Theresa May calling the EU’s bluff could have disastrous consequences

For those who feared the very worst, the Prime Minister offered some scant grounds for Brexit optimism. Her tone, compared with that of the speech she gave at Chatham House in January, was mostly conciliatory. The warmth of the words, and the invocation of a spirit of cooperation and “special relationship” will help, though they may not long survive the first skirmishes in the negotiating chambers of Brussels.

The priorities, for example, Theresa May set out in her letter to the European Council President Donald Tusk are broadly right, given the baleful circumstances. The rights of EU citizens in Britain, and of EU citizens resident in Spain and elsewhere, are given due recognition – “we should always put or citizens first”. As with the Brexit White Paper before, there is also an evident awareness of the imperative of preserving the traditional common travel area between Britain and Ireland, not least because of the Northern Irish peace process, in enough trouble already.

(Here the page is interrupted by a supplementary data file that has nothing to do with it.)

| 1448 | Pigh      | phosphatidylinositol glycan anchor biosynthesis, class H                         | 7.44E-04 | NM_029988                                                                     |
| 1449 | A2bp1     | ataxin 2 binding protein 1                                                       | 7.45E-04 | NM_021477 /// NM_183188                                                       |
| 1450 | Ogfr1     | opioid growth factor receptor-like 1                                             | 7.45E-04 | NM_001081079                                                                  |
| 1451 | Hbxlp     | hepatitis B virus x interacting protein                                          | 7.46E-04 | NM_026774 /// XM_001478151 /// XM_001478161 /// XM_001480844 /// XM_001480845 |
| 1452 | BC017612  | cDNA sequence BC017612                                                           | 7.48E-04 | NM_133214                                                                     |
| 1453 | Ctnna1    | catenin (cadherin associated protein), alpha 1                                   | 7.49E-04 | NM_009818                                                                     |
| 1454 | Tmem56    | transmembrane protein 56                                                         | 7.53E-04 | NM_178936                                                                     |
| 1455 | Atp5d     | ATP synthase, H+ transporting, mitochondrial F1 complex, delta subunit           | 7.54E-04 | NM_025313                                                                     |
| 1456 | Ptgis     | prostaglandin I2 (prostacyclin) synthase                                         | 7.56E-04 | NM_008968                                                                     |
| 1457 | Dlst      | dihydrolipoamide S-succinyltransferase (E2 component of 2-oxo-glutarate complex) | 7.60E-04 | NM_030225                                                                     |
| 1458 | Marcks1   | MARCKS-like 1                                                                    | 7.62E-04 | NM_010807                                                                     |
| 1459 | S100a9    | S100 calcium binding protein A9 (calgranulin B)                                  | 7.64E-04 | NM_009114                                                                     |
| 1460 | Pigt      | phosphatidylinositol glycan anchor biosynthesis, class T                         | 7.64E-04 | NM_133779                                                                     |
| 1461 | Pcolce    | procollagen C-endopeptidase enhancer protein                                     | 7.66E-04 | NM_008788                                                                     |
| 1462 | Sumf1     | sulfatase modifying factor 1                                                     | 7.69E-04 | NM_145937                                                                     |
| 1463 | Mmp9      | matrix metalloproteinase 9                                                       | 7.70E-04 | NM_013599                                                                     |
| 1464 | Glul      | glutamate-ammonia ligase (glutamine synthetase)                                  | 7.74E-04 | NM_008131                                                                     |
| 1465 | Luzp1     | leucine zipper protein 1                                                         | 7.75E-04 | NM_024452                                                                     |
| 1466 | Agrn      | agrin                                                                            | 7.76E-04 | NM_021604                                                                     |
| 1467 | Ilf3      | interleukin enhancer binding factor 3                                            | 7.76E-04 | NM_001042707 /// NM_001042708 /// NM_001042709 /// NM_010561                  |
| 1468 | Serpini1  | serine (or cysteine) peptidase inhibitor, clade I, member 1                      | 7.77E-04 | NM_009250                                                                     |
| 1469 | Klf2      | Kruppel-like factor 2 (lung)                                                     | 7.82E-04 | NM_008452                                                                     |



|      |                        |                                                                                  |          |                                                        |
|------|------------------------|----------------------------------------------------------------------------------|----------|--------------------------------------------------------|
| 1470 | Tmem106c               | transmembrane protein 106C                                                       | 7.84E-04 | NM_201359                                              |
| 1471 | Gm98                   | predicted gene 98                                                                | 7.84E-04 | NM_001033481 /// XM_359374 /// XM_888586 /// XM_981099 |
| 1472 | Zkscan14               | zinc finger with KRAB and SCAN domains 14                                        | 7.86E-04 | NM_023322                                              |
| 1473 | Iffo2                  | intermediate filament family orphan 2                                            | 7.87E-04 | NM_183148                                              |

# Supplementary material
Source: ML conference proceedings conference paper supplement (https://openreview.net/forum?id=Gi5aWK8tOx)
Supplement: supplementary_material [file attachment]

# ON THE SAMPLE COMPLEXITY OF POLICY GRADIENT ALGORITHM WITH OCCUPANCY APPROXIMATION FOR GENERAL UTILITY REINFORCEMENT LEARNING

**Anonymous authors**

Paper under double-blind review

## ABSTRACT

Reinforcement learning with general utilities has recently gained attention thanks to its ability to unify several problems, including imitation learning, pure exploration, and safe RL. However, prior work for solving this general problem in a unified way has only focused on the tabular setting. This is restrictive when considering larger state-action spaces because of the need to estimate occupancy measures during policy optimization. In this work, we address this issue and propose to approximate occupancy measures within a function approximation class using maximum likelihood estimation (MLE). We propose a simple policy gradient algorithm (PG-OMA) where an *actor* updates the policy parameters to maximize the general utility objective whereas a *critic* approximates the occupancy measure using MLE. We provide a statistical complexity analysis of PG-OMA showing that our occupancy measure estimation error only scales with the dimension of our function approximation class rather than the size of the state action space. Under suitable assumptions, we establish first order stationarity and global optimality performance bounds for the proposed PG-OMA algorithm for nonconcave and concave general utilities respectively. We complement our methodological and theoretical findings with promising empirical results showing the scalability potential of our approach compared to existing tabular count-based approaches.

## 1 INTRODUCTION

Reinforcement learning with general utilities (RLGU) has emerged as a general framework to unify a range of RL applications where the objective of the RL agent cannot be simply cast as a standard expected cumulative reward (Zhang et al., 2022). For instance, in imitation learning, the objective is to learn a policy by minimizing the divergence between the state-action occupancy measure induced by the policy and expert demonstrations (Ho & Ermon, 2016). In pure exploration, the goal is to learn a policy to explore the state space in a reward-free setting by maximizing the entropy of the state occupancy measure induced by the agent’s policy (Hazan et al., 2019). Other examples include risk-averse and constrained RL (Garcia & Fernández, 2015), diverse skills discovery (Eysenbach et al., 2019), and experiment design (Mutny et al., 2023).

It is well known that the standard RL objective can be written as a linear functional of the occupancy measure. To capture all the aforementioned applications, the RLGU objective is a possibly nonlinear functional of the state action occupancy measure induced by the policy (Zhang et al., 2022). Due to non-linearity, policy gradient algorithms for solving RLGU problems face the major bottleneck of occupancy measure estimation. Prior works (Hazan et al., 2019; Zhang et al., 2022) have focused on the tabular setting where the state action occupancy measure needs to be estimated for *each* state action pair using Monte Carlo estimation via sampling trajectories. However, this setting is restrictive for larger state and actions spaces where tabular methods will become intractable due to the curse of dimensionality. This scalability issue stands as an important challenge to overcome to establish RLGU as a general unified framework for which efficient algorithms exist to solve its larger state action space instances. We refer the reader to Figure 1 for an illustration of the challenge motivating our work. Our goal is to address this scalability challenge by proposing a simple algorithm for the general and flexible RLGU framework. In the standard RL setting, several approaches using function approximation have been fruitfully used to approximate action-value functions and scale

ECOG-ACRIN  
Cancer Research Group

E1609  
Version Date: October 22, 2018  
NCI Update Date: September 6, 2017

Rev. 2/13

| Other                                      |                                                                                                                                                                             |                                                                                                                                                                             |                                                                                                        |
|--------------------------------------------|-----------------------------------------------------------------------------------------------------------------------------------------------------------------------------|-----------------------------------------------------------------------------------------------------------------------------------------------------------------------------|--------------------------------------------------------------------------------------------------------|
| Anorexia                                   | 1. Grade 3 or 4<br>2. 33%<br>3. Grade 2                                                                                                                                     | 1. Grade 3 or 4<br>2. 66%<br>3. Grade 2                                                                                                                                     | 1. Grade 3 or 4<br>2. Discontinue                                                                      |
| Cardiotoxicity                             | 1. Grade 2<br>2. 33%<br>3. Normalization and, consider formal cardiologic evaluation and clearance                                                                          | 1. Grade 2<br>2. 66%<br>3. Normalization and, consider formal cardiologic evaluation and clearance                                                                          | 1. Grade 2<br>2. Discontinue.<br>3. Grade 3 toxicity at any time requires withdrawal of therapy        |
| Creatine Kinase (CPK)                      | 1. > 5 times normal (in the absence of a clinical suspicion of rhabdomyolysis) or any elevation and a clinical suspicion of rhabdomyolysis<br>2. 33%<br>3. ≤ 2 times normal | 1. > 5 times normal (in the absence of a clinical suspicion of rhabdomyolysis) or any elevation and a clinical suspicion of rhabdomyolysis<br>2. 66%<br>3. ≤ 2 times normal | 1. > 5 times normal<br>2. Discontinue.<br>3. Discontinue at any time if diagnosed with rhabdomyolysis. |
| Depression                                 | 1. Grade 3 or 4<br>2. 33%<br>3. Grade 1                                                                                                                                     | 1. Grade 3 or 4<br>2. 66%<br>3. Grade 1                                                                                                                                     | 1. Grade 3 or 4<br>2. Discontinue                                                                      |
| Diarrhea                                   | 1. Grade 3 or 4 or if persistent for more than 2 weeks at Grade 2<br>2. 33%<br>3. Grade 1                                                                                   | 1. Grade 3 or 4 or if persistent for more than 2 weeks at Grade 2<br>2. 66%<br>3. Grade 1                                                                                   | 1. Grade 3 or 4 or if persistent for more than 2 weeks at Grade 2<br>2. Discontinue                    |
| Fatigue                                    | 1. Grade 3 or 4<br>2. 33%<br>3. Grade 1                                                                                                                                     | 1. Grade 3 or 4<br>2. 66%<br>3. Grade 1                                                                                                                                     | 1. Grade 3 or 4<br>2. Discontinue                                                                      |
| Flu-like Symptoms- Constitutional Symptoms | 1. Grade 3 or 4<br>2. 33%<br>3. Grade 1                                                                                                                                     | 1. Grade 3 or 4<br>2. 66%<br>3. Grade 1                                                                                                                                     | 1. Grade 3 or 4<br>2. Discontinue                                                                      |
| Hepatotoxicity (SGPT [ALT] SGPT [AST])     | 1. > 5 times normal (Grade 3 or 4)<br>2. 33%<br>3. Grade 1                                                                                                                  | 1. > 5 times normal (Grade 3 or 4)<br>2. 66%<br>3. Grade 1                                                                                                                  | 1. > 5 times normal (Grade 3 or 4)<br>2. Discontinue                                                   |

Scotland and other devolved administrations will gain new powers – an important concession to Nicola Sturgeon. Ms May was also surprisingly keen on “a bold and ambitious free trade agreement with the European Union that allows for the freest possible trade in goods and services between Britain and the EU’s member states”. Of course, for a services-oriented economy such as the UK, such a deal about physical goods is less valuable than it first appears, but still there is at least some positive ambition attached to that commitment.

There are plenty of grounds for disquiet, however. The first is the seeming lack of agreement even on the ground rules for the negotiations.

Already, the EU’s negotiators have indicated they wish to settle the “divorce bill” before sketching out any future economic relationships. The British plainly want both to be considered together. Not only that, but Ms May would like to link the talks on economic and trade matters with…

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